College Basketball

Keep track of your interactive N.C.A.A. tournament bracket and compete against your friends and other readers for a chance to win a new Apple iPad.

Sports of The Times

Once the Underdog, Duke Is Now the Villain

  • Print
  • Reprints

INDIANAPOLIS

Ed Reinke/Associated Press

Duke Coach Mike Krzyzewski with U.N.L.V.'s Stacey Augmon, left, and Larry Johnson after the 1990 N.C.A.A. title game.

The Quad

Stay on top of all the news, on and off the court, on The Times's college sports blog.

Men

Women

Mike Krzyzewski can only smile when he hears Duke being cast as the Evil Empire.

On Monday night, Duke, with its storied basketball program and legendary coach, will face Butler for the N.C.A.A. Division I men’s basketball championship.

This is the most eagerly awaited championship game in years. A Butler victory would be the greatest tournament accomplishment since Loyola, a small commuter school in Chicago, upset the two-time defending champion Cincinnati in 1963.

Duke is not only the favorite, but it has been cast as the villain of this fairy tale, the thief who would steal a great story line.

Duke has an established program and plays in the Atlantic Coast Conference. The Blue Devils have reached the Final Four 11 times under Krzyzewski; Butler, from the Horizon League, has never played in the national championship game.

But although Krzyzewski bristles when the inevitable subject is raised (“I know a lot of people who like us,” he said), Duke players revel in the role of the disliked heavy.

Nolan Smith, a Blue Devils guard, said that he was used to it — and he liked it. “Nine times out of 10, when I meet somebody and tell them where I go to school or that I play for Duke, it’s ‘I hate Duke,’ ” he said.

On the other hand, Krzyzewski is old enough to know that perceptions come and go.

Twenty years ago, Duke was preparing to take on Nevada Las Vegas for the national championship. Krzyzewski was looking to win his first national championship, while U.N.L.V.’s Jerry Tarkanian had become legendary for his great teams and his epic battles with the N.C.A.A.

In the days leading to the game, Duke was portrayed as the good guys, a team of choirboys, and U.N.L.V. was portrayed as a home in the desert for players looking for a second chance.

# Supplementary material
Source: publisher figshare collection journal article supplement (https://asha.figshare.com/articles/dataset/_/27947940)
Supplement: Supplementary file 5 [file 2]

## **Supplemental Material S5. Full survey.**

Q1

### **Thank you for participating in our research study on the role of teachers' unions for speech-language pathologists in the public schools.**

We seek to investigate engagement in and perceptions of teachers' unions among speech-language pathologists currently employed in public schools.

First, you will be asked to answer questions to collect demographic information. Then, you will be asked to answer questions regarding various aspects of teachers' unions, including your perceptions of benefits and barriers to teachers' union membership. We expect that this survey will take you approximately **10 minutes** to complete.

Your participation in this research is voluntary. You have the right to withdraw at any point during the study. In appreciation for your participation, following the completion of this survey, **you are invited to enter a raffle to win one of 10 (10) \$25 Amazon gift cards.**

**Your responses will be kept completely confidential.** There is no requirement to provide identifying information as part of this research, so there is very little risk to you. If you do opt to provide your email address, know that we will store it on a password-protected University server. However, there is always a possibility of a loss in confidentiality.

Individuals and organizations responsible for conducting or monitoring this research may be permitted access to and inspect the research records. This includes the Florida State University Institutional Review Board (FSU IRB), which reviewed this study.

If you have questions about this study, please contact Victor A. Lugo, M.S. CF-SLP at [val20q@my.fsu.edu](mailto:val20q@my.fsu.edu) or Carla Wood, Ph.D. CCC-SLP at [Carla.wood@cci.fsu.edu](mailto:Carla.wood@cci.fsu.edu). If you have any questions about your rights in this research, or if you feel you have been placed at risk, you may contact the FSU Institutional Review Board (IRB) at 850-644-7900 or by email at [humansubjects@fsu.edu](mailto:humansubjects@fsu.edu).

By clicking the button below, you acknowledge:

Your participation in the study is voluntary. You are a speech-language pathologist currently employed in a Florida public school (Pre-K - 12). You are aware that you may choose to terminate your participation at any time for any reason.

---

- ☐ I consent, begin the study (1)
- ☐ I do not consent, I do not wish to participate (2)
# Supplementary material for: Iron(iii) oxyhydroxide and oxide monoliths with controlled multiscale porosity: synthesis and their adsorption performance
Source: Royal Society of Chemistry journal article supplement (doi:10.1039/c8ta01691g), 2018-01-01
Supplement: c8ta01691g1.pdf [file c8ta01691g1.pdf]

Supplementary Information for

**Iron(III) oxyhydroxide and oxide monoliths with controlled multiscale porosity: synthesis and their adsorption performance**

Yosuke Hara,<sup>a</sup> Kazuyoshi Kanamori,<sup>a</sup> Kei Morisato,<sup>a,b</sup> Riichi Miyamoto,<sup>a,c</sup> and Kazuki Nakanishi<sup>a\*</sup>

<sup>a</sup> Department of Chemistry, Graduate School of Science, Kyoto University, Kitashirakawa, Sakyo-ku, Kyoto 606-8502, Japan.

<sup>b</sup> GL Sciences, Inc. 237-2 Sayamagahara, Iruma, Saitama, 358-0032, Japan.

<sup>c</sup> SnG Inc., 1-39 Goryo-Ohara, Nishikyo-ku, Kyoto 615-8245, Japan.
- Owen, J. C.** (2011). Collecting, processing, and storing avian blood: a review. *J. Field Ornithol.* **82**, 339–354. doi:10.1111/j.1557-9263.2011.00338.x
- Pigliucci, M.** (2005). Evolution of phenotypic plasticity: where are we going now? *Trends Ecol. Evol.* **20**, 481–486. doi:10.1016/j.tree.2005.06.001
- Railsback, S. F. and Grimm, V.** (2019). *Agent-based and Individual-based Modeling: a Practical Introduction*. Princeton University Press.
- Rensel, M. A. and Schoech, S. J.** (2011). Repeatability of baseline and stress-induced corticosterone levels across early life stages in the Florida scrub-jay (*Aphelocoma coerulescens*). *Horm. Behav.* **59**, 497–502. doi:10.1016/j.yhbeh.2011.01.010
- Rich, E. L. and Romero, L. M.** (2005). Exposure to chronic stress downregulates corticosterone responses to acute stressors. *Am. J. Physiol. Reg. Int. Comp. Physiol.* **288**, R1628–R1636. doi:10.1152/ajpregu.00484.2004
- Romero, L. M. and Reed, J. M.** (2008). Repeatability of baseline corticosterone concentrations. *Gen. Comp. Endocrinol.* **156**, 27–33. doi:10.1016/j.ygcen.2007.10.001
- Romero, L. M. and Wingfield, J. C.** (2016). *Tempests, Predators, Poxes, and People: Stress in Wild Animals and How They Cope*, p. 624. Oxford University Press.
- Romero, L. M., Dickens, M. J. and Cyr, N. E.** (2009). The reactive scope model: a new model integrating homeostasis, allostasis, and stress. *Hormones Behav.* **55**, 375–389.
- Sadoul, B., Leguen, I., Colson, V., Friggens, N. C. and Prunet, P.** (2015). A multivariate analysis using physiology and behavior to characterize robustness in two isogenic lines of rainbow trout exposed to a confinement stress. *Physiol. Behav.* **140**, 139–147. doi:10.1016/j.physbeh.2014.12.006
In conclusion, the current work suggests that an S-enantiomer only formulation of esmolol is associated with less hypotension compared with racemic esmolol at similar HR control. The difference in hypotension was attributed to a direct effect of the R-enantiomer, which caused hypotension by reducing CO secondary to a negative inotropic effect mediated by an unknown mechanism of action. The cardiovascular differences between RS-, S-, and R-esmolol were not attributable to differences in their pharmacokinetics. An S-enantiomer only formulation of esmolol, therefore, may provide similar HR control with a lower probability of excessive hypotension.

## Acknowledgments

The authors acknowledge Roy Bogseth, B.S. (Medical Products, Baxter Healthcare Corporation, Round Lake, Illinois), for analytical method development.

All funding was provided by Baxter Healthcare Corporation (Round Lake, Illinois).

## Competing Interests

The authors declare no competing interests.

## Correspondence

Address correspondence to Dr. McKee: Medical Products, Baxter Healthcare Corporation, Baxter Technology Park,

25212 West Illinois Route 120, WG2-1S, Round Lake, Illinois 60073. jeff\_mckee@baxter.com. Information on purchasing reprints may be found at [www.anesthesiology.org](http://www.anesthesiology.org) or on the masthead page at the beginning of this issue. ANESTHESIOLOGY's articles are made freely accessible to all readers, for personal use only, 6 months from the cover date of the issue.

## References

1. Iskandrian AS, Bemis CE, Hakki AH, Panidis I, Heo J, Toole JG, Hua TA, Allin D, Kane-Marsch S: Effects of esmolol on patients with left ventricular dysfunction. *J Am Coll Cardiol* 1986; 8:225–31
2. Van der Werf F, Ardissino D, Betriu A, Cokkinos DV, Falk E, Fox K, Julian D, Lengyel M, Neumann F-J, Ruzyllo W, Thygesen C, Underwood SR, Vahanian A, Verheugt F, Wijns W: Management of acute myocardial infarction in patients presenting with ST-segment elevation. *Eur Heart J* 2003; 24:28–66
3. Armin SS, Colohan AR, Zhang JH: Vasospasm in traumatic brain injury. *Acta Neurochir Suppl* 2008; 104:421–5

The Runnin’ Rebels beat Duke by 30 points.

Twenty years and three national championships later, Duke has evolved into the heavy. The Blue Devils will be the bullies again when they play Butler.

What a remarkable evolution: one generation’s sympathetic underdog is another generation’s villain.

How do these things happen?

“It feels good to be the one that’s done it before,” Krzyzewski said. “You’d rather be that than trying to do it the first time. I just think it’s really easy to talk about not liking us because we’re a private school. We’re not a state. We don’t have a state press. That’s just the way it is, and I’m O.K. with it. I think it helps us keep our edge.”

The idea of assigning good and evil to these games is part of the entertainment. But we can go too far, and often do.

Greg Anthony was a point guard on that U.N.L.V. team. Now a commentator and studio analyst for CBS and Yahoo Sports, Anthony vividly remembers all the talk leading to the 1990 championship game.

“A lot of that has to do with the fact that one team is perceived as the underdog, and the other is considered a favorite,” he said. “Anytime you have that element, it just kind of fits the script that one has to be evil and one has to be good. We kind of got that.”

There are a number of differences between the talk surrounding the Duke-Butler game and that Duke-U.N.L.V. game.

“Part of the difference, whether people want to acknowledge it or not, was that there was a little bit of a racial undertone,” Anthony said. U.N.L.V.’s team was predominately African-American; Duke and Butler use many white players.

“You’re not going to have that element when you look at these two teams,” Anthony said. “I’ve even had Duke fans tell me that they were actually in their hearts still kind of pulling for Butler because of the story.”

Each of us has a sports villain. We have good guys and bad guys who define our sports universe. For Duke’s Jon Scheyer, from suburban Chicago, the Green Bay Packers are the Evil Empire. For his teammate Kyle Singler, the villain was his big high school rival in Oregon.

Nolan Smith didn’t hesitate: “For me, U.K. was the villain.”

Smith’s father, Derek, was a star forward for the Louisville team that won the 1980 national championship. His father died when Smith was 8, but Nolan Smith’s passion for Louisville and hatred of Kentucky never subsided. “With the Duke-Carolina rivalry, I kind of signed my way into it,” he said. “With the Louisville-Kentucky rivalry, I was born into it.”

What a difference two decades makes. In 1990, Krzyzewski watched his underdog Blue Devils — the good guys — get routed by the bad guys from U.N.L.V. Today, Duke is the bad guy looking to crush Butler’s dreams.

On Sunday, Krzyzewski warned Butler Coach Brad Stevens to brace himself for a transformation. “I said, ‘You’ll be shocked at how much your school will change as a result of what you and your kids have done,’ ” he said.

Perception, reality; reality, perception. One day soon, Butler, may be playing the role of the heavy.

E-mail: wcr@nytimes.com

  • Print
  • Reprints

MOST POPULAR